Is this the end of the PhD as we know it?

A very scary, yet eye openning, article appeared in The Chronicle of Higher Education recently. The article, which is titled “The Future of the Ph.D.” discusses the downfall of the coveted tenure faculty position, and how only 30 percent of of the teaching faculty are tenured and tenure-track academics.

The author also highlights the dismal plight of female graduate students who dare to succumb to their maternal instincts during the course of their graduate studies.

The article finishes with the thought provoking question “Is the Ph.D. worth saving?”

I’m not sure. How about you?

Be sure to check out the full article here.

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8 Responses to “Is this the end of the PhD as we know it?”

  1. John says:

    I have been in the field of Higher Education in small university. First; I would like to salute those students and faculty members those who do an excellent job in training future Ph.Ds and performing excellent research and their publication records speak for themselves. My comments should not misunderstood here since I am going to be very critical of Ph.D program and its students. I am hoping my oberservation represents a small percentage not majority.

    The problems our nation is facing in Higher Education is multifactorial total failure of good system which produced tremendously genius and talented Ph.Ds. However, most tenured faculty become lazy, arrogant, wasting resources and time of our future generations. Our graduate students today do not have the commitment, dedication, and enthusiasm to reach the stars, rather get stipend, have fun, do nothing and get sub standard Ph.D which enables them to do nothing. They don’t know how to teach, they can not design an experiment, they can not evern write their own dissertation. We are experiencing a shortage of Anatomy faculty in the school of medicine for a while, yet same medical school Ph.D studnets do not want to take Gross Anatomy and learn teaching skills. Some of the Ph.Ds have such heavy accents that students can not grasp a single spoken word. We have lowered our admission standards, increased stipends, receive low output from these students,that boils down to “uneducated, uncivilized Ph.D degree holders.” We need to reevaluate our programs and have some centalized guidelines to meet the future challenges to be competitive.

    Don’t get upset I said I salute some of the mentors/students/faculty members who are doing superb job, but they are very few.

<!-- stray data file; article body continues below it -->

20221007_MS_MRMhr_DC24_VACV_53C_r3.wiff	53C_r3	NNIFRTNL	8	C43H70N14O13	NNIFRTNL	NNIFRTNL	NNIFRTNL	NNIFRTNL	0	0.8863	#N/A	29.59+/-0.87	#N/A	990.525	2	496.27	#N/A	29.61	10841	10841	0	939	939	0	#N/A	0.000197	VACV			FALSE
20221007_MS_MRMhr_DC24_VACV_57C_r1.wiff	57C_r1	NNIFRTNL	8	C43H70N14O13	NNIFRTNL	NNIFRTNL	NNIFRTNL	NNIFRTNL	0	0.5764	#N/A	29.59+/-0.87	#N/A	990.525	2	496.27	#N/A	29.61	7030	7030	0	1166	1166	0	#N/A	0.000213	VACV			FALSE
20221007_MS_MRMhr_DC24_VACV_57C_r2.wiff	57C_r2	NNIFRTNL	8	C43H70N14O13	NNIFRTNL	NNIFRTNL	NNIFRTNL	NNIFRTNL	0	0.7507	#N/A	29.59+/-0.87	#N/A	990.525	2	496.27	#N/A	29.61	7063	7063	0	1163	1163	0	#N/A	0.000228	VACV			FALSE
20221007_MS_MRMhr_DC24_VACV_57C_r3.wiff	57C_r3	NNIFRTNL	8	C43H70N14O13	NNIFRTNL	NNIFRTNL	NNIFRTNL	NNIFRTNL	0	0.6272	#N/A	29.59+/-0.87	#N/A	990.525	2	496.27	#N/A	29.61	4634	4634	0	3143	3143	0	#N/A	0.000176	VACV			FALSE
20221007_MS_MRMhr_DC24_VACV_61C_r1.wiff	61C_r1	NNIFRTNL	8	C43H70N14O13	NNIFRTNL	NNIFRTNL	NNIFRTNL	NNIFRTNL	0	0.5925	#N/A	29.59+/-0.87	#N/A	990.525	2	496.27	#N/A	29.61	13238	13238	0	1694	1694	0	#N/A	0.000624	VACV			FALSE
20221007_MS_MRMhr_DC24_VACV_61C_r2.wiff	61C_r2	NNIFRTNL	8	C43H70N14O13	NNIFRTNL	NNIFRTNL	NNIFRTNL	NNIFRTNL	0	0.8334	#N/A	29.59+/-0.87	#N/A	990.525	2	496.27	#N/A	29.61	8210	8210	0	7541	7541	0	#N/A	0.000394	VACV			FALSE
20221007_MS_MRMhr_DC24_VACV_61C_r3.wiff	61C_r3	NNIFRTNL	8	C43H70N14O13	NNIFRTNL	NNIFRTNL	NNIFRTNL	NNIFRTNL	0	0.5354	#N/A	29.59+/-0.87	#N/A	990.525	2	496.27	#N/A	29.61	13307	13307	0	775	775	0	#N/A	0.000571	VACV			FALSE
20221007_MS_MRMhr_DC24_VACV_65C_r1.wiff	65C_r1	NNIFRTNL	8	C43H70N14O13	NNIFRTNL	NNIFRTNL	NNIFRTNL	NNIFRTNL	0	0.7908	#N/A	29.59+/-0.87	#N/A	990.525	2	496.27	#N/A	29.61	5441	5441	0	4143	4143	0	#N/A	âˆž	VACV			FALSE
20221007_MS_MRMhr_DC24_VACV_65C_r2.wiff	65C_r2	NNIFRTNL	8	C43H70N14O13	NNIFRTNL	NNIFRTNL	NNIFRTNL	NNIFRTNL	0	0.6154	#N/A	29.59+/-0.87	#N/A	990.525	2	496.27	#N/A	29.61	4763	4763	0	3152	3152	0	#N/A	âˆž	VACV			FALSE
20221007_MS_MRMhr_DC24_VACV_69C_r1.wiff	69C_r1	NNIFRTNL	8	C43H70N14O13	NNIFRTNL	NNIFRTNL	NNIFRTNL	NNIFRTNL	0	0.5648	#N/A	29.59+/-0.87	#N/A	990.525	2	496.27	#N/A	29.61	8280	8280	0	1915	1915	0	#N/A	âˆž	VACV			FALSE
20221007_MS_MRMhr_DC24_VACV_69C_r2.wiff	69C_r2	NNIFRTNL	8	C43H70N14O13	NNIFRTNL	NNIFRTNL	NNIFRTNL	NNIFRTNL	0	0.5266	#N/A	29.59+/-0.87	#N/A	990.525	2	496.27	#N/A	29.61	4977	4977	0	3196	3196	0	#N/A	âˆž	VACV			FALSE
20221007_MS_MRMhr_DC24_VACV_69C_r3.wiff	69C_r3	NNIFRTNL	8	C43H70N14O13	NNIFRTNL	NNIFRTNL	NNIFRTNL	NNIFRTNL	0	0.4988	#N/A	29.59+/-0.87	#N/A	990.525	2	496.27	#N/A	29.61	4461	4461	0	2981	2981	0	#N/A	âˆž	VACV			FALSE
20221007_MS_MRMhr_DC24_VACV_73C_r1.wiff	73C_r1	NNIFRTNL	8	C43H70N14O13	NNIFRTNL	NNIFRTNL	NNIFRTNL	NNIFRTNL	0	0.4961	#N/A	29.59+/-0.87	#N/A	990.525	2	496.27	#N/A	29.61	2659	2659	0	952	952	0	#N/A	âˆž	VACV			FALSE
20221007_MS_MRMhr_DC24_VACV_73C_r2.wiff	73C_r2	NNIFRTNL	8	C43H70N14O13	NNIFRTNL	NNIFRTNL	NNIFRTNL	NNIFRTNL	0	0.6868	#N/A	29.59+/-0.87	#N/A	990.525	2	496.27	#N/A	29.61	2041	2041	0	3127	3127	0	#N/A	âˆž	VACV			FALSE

• avi_wener says:

      John, I’m not so sure laziness is the problem as much as the admission of too many students with too few academic positions available down the line. Perhaps the real solution is to help more students get postdoc positions in industry where they will earn their keep and add value to the economy. I value higher education, but if everyone becomes a teacher, who are the students? Some very good research is conducted in the non-academic world. Why don’t we encourage more students to become industrial players?

  2. Jordan says:

    Totally agree with the need to limit graduate enrollment. Not sure how you could accomplish that though

    • avi_wener says:

      Jordan, I’m not sure I understand your comment. Doesn’t medical school and law school etc limit enrollment? Why couldn’t grad school do the same? Or, perhaps schools can create two different streams: an academic stream and an industrial stream. The academic stream would be limited by the number of tenured and non-tenured positions available down the line (plus an additonal 20-30% for those who drop out) and the industrial stream can be much bigger as industry is driven by supply and demand.

  3. PhD says:

    I would never ever, never ever encourage anyone in my family to pursue a silly and stupid Ph.D..

  4. Dave says:

    Enrollment cannot go down because the “business” model that is now modern collegiate academics is to produce numbers and not scientists. In some sad way this what many departments have to do to continue building their programs because the administration doesn’t care if a department produces one to two quality scientists. They want validation for budget allocations that essentially boil down to a dog & pony show. This makes the measure of a programs success equating to the number of graduate degrees produced each year and not the quality and future success of the scientists they are training. Also break down in time the amount of hours you put into research, grant writing, teaching, mentoring, grading, reviewing, editing etc…. on a weekly basis and ask yourself are you fairly compensated for your time versus other careers.

  5. agnes says:

    I fully agree with John. My comment: the quality of Ph.Ds reflect the quality of the whole nation. America is a mess, American education is a mess, American Ph.D program is a mess. Why to expect devotion, hard work and morality after Ph.Ds who come from the nation devoid of the above?

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